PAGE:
High-Energy, Long-Lived Charge Separated States via Molecular Engineering of Triplet State Donor-Acceptor Systems
Description: Molecular engineering of donor-acceptor dyads and multimodular systems to control the yield and lifetime of charge separation is one of the key goals of artificial photosynthesis for harvesting sustainably solar energy. The design of the donor-acceptor systems mimic a part of green plants and bacterial photosynthetic processes. The photochemical events in natural photosynthesis involve the capturing and funneling of solar energy by a group of well-organized chromophores referred to as an ‘antenna' system causing an electron transfer into the ‘reaction center,' where an electron transfer processes occur resulting a long-lived charge separated state. Over the last two to three decades, many efforts have been directed by the scientific community designing of multi-modular systems that are capable of capturing most of the useful sunlight and generating charge separated states of prolonged lifetimes with adequate amounts of energy. In this dissertation, we report on the design and synthesis of donor–acceptor conjugates with the goal of modulating the yield and lifetime of their charge separated states and hence, improving the conversion of light energy into chemical potential. In simple donor-acceptor systems, generally, the energy and electron transfer events originate from the singlet excited state of the donor or acceptor and can store the greatest amount of energy but must be fast to out compete intersystem crossing. To address this limitation, we have designed novel donor –acceptor conjugates that use high-energy triplet sensitizers in which electron transfer is initiated from the long lived triplet state of the donor. The triplet photosensitizers used were palladium(II) porphyrin and platinum(II) porphyrin. Heavy metal effect in these porphyrins promoted intersystem crossing and the energies of their excited state was quite high. For the case of palladium (II) porphyrin the energy stored was found to 1.89 eV and that of platinum(II) porphyrin 1.84 eV. In addition to using triplet ...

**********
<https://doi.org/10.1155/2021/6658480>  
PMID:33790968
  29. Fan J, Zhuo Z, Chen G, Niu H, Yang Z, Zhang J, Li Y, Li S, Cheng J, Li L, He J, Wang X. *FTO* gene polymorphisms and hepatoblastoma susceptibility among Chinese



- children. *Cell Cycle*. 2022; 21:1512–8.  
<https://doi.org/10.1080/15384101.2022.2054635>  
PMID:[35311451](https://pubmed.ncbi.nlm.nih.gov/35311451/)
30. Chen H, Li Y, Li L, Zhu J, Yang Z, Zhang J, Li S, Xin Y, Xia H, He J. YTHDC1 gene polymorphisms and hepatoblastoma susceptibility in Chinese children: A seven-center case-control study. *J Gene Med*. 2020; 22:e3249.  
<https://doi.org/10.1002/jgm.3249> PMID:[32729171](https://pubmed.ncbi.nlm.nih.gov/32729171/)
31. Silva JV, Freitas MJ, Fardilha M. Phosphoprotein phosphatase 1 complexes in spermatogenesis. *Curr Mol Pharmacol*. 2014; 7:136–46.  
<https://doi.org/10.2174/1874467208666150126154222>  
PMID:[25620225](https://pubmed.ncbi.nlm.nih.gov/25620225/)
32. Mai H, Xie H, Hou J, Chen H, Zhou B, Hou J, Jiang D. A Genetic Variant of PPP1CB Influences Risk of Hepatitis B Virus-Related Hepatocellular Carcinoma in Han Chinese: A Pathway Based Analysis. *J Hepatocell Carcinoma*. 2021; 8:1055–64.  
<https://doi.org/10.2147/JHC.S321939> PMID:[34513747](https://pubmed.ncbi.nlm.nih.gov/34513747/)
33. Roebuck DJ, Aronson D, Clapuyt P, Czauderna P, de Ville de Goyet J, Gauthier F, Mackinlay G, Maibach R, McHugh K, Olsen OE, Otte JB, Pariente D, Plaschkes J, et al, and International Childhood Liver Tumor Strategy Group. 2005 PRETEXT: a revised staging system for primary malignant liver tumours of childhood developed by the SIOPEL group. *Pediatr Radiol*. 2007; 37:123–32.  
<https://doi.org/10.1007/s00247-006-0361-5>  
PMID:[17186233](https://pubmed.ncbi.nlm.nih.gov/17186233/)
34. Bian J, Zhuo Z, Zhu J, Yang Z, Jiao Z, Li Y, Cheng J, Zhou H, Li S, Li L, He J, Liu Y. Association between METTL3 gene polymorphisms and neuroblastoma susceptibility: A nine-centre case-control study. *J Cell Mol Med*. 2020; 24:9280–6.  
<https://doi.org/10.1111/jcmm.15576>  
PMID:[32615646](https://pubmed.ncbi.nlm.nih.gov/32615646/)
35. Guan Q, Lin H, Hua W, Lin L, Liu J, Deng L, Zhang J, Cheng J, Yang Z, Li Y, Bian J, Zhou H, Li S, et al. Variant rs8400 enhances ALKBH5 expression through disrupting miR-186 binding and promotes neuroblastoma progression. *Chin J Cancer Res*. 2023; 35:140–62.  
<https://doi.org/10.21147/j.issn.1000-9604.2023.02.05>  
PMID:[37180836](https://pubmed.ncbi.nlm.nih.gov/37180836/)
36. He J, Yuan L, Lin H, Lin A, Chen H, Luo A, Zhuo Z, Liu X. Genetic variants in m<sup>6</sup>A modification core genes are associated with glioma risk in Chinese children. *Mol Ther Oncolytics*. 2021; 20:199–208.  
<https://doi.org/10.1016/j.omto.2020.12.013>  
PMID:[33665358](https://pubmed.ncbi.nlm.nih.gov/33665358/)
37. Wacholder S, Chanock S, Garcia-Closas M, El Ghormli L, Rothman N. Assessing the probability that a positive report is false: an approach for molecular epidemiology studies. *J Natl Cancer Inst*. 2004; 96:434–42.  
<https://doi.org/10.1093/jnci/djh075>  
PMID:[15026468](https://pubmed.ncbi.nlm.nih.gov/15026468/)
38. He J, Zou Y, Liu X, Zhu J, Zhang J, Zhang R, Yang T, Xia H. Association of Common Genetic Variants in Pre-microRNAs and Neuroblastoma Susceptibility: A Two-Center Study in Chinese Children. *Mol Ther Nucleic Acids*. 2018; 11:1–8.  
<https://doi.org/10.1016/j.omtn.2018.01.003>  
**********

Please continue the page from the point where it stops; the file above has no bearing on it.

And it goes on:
Date: August 2018
Creator: Obondi, Christopher O
Partner: UNT Libraries